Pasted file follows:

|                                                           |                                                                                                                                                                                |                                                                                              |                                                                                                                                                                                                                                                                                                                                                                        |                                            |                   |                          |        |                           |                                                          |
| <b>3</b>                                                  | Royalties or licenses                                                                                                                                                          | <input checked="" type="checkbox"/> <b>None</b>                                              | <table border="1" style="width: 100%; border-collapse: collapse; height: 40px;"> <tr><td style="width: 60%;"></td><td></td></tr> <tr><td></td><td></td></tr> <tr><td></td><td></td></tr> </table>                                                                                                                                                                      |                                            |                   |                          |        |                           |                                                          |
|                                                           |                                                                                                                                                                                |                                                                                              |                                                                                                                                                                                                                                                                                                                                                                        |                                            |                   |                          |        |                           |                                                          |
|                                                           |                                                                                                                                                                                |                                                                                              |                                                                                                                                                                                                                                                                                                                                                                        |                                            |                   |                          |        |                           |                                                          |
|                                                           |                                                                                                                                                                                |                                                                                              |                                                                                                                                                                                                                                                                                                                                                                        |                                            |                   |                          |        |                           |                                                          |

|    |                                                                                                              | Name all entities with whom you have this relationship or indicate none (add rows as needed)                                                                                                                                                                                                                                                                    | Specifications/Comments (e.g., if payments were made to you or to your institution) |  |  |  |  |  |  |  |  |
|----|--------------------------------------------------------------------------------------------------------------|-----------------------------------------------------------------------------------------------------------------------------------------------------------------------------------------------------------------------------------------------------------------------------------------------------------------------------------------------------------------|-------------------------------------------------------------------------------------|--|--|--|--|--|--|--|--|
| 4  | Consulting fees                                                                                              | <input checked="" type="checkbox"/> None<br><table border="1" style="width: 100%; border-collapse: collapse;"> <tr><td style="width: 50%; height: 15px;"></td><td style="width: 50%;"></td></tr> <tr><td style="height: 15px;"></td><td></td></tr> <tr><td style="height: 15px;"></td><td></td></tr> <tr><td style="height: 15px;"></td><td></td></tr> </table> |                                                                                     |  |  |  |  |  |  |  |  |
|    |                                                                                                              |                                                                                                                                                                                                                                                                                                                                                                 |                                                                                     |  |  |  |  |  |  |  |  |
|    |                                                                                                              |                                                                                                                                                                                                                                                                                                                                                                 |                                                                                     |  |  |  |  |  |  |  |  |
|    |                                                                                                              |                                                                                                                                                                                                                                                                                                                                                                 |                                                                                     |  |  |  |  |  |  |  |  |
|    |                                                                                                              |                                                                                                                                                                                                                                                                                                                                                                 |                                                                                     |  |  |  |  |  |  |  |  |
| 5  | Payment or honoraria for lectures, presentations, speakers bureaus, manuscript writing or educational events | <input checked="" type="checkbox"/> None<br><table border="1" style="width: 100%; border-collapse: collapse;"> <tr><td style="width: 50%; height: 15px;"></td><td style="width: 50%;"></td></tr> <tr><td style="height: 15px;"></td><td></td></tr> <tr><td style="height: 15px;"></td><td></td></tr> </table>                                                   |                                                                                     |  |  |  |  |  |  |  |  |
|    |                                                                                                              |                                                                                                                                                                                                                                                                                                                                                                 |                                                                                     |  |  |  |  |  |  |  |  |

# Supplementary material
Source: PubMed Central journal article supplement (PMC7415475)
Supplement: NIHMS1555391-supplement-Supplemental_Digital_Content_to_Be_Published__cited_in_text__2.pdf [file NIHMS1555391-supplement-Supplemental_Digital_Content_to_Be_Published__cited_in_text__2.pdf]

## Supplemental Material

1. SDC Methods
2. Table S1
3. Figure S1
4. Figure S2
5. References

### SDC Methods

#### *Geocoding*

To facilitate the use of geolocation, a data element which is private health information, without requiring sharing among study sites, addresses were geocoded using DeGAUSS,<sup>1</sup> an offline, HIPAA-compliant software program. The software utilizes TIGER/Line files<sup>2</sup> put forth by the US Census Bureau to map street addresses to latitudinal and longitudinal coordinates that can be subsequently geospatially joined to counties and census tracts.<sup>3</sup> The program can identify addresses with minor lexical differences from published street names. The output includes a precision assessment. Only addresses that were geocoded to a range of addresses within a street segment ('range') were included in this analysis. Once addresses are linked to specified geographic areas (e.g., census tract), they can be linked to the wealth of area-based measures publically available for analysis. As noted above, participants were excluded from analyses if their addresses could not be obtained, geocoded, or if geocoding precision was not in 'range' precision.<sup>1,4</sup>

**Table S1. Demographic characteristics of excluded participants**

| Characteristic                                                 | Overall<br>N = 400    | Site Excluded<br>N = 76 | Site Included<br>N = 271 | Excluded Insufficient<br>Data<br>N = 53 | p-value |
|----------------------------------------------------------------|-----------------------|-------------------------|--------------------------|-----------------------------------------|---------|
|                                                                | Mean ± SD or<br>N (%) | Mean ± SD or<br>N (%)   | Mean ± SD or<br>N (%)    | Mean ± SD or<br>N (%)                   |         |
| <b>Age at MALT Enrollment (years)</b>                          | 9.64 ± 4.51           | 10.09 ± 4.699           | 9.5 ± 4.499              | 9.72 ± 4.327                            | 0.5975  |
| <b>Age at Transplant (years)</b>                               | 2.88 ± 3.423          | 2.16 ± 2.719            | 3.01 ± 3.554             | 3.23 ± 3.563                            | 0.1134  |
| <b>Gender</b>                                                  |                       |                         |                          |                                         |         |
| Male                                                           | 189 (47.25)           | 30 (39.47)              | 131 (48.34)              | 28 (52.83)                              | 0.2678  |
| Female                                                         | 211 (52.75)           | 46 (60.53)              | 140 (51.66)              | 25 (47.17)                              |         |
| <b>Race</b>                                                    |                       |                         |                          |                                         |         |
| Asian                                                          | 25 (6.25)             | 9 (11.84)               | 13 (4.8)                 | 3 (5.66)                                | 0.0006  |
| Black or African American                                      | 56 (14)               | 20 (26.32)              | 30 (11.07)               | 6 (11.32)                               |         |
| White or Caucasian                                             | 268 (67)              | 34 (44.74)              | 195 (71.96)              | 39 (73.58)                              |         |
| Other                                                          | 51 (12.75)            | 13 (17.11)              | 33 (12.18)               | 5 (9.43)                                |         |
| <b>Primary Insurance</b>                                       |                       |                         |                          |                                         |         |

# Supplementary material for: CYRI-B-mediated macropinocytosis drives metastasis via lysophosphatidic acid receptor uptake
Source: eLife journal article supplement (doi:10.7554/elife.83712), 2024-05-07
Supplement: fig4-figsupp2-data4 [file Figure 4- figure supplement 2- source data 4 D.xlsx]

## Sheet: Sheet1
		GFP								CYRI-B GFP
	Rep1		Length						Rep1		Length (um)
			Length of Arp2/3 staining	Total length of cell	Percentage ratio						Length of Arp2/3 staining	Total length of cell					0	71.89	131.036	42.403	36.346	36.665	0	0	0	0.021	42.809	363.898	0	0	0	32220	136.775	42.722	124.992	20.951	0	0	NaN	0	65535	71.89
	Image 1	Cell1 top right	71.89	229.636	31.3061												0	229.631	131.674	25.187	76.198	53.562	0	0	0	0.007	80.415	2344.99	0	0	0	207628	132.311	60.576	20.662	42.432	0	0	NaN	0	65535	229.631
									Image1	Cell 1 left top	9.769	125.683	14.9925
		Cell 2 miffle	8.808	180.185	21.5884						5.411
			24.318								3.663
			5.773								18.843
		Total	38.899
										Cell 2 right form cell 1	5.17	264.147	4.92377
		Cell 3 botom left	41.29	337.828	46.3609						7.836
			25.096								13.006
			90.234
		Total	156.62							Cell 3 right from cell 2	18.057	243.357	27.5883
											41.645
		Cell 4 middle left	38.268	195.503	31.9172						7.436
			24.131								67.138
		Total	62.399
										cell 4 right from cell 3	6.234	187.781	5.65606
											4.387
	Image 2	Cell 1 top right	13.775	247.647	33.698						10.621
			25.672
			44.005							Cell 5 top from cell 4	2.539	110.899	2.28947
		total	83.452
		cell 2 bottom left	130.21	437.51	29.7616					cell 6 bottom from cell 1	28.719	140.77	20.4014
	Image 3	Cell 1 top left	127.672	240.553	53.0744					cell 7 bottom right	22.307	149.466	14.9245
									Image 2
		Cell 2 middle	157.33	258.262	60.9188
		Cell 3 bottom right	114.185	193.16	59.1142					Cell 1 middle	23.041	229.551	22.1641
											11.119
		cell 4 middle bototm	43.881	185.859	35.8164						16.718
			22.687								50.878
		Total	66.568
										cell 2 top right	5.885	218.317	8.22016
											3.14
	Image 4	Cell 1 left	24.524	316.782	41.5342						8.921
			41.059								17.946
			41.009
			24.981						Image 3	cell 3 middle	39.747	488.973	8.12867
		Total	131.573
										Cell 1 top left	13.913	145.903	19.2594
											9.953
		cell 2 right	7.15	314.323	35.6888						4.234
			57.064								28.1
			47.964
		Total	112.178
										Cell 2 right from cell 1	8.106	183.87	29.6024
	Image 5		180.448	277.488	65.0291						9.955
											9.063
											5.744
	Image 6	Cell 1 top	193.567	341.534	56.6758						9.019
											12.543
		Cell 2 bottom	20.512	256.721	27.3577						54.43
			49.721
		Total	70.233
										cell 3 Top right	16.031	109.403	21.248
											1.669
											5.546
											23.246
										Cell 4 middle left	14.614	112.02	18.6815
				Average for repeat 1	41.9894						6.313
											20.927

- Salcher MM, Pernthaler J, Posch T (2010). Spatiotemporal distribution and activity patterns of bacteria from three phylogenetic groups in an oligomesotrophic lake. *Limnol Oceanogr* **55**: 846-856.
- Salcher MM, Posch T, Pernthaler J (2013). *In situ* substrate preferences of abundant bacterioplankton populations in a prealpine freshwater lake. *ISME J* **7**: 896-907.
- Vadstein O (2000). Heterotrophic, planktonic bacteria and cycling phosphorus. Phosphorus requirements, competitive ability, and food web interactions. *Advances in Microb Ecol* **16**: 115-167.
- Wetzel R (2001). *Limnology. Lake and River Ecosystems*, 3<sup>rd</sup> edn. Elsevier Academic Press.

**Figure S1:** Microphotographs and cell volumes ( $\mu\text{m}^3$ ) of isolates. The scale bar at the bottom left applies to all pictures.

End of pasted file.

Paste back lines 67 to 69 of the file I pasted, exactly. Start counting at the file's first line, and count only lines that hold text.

			25.672
			44.005							Cell 5 top from cell 4	2.539	110.899	2.28947
		total	83.452